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Article not accessible any more

From: <mcb@cloanto.com>
Date: Thu, 10 Jun 2004 11:38:21 -0000
Message-ID: <15ACA50185975841BF7EE3B47FACBDA345B108@alpha.cloanto.com>
To: <site-comments@w3.org>
Cc: "Tim Berners-Lee" <timbl@w3.org>


Once upon a time, when "cool" was an epithet of approval, particularly
among the young, indicating trendiness, quality, or appropriateness, it
used to be that "Cool URIs don't change".

Not so any longer, apparently.

Today I went to http://www.w3.org/Provider/Style/URI, and it turns out I
can't access the original paper by Tim Berners-Lee any more. All I am
given access to by your system is a Spanish translation of the same
("Estilo para Hypertextos: Las URI guay no cambian"), which is not what
I needed, or wanted.

The technical reason for this, I discovered, is because Internet
Explorer tags user language preferences using "en-us" by default for
English, whereas your system considers "en", but ignores "en-us". As it
happens that I have Spanish at place five or six of my prioritized
browser language preferences, that must be the only thing your system
found, so it imposed upon me the new Spanish translation at the old URL,
instead of the original which I was used to being able to access even
with this same browser.

IMHO, there are good examples of i18n, and bad ones. The one your system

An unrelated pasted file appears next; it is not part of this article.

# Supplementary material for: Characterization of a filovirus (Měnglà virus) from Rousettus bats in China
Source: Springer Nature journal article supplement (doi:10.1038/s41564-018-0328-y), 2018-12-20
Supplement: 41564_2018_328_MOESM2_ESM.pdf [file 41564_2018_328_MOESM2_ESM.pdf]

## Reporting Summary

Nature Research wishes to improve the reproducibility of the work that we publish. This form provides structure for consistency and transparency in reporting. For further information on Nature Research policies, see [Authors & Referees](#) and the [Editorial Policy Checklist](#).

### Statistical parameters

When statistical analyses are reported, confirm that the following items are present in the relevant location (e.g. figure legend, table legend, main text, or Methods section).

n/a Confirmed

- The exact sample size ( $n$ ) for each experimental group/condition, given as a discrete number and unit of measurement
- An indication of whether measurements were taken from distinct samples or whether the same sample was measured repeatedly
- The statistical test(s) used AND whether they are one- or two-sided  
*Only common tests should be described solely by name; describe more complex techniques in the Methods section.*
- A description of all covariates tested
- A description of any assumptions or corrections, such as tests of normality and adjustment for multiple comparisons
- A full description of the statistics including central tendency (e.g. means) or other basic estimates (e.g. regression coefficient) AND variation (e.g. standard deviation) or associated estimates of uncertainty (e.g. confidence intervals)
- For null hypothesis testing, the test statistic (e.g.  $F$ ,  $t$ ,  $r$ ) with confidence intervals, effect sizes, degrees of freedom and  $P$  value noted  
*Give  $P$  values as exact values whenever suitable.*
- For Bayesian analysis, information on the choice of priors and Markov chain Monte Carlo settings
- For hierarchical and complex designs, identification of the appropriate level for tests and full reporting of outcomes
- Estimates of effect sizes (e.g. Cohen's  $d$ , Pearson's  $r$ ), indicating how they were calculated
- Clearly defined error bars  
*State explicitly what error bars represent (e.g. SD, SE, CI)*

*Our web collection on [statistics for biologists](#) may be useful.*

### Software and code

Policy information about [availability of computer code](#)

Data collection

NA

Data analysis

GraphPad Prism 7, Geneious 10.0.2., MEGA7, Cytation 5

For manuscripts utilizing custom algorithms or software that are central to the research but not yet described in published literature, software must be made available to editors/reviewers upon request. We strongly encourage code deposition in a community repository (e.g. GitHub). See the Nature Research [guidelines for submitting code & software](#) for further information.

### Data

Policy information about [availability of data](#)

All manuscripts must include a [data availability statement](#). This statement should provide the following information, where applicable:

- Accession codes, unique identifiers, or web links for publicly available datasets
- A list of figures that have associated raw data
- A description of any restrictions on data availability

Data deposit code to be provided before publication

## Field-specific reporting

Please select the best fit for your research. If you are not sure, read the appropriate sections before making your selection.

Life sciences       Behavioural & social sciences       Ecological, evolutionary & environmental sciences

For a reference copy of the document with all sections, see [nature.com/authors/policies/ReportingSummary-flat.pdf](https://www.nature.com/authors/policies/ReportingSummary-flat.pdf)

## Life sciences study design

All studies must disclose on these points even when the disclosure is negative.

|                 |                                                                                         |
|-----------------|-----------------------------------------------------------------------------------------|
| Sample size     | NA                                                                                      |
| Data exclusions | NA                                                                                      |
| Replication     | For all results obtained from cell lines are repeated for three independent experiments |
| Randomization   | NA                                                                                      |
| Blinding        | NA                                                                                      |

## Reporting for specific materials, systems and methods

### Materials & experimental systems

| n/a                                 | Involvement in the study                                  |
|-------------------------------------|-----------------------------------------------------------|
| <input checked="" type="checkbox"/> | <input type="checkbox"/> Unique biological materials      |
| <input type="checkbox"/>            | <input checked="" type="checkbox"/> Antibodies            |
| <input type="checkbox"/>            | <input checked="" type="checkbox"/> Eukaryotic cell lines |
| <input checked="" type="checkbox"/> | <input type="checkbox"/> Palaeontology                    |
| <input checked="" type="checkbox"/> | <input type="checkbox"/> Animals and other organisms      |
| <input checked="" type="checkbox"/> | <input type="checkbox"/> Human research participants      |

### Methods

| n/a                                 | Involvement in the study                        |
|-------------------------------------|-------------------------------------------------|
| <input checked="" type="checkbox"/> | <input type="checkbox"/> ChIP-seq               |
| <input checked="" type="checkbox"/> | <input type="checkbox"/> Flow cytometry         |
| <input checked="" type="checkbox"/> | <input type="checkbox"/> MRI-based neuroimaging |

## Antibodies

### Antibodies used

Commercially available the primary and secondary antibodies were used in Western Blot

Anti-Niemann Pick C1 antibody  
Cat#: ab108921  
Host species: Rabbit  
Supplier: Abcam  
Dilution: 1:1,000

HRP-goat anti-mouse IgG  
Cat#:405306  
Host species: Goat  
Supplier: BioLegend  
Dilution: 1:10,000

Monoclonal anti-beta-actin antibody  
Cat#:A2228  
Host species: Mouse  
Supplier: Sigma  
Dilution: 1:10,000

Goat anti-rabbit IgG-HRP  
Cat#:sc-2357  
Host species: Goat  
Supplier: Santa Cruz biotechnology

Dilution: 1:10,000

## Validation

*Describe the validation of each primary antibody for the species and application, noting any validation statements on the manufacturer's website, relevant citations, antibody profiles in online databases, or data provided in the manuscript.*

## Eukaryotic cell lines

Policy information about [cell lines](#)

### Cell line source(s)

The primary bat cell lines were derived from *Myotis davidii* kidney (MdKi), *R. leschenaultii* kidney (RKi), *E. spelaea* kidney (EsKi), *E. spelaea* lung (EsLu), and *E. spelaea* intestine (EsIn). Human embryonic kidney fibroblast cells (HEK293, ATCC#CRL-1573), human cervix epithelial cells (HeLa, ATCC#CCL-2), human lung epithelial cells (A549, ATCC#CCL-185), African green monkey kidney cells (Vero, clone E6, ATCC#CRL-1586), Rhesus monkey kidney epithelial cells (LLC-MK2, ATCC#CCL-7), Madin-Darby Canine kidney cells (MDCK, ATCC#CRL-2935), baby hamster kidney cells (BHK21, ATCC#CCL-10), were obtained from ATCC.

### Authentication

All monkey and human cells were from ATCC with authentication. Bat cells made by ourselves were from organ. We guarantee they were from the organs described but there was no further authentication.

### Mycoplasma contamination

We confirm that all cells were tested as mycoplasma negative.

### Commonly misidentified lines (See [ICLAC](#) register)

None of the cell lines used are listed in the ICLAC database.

shows, and which results in this humble expression of frustration of
mine is, please forgive me the expression, a good example of very cheap
i18n, i.e. a show off of what can be done, disrespectfully of user
intention and culture. Even if I had set a preference for another
language over English in my browser, a system should respect my
intention to access the original article, which is not the same as a

I think you can detect a user's favorite languages, and even make more
or less risky assumptions based on domains, or whatever, but you should
only use these to offer a shorter path to a choice, never to actually
impose a choice. For example, the first time I visit Google.com from an
Italian system I am offered their .it site by default, but next to it is
a link which allows me to confirm my original .com site and language
intention, and to have that saved in a cookie. Not only does this
respect the user, but, unlike your system, it does not introduce
"fluctuating" (if not broken) links and inconsistencies between search
engines and actual pages, nor does it suggest adding a possible third
"Hall of flame" story about... itself to the very same article which
promotes URL persistency, which I had tried to access, but without being
able to.

Thanks for listening.


Michael C. Battilana

Received on Thursday, 10 June 2004 07:41:13 UTC

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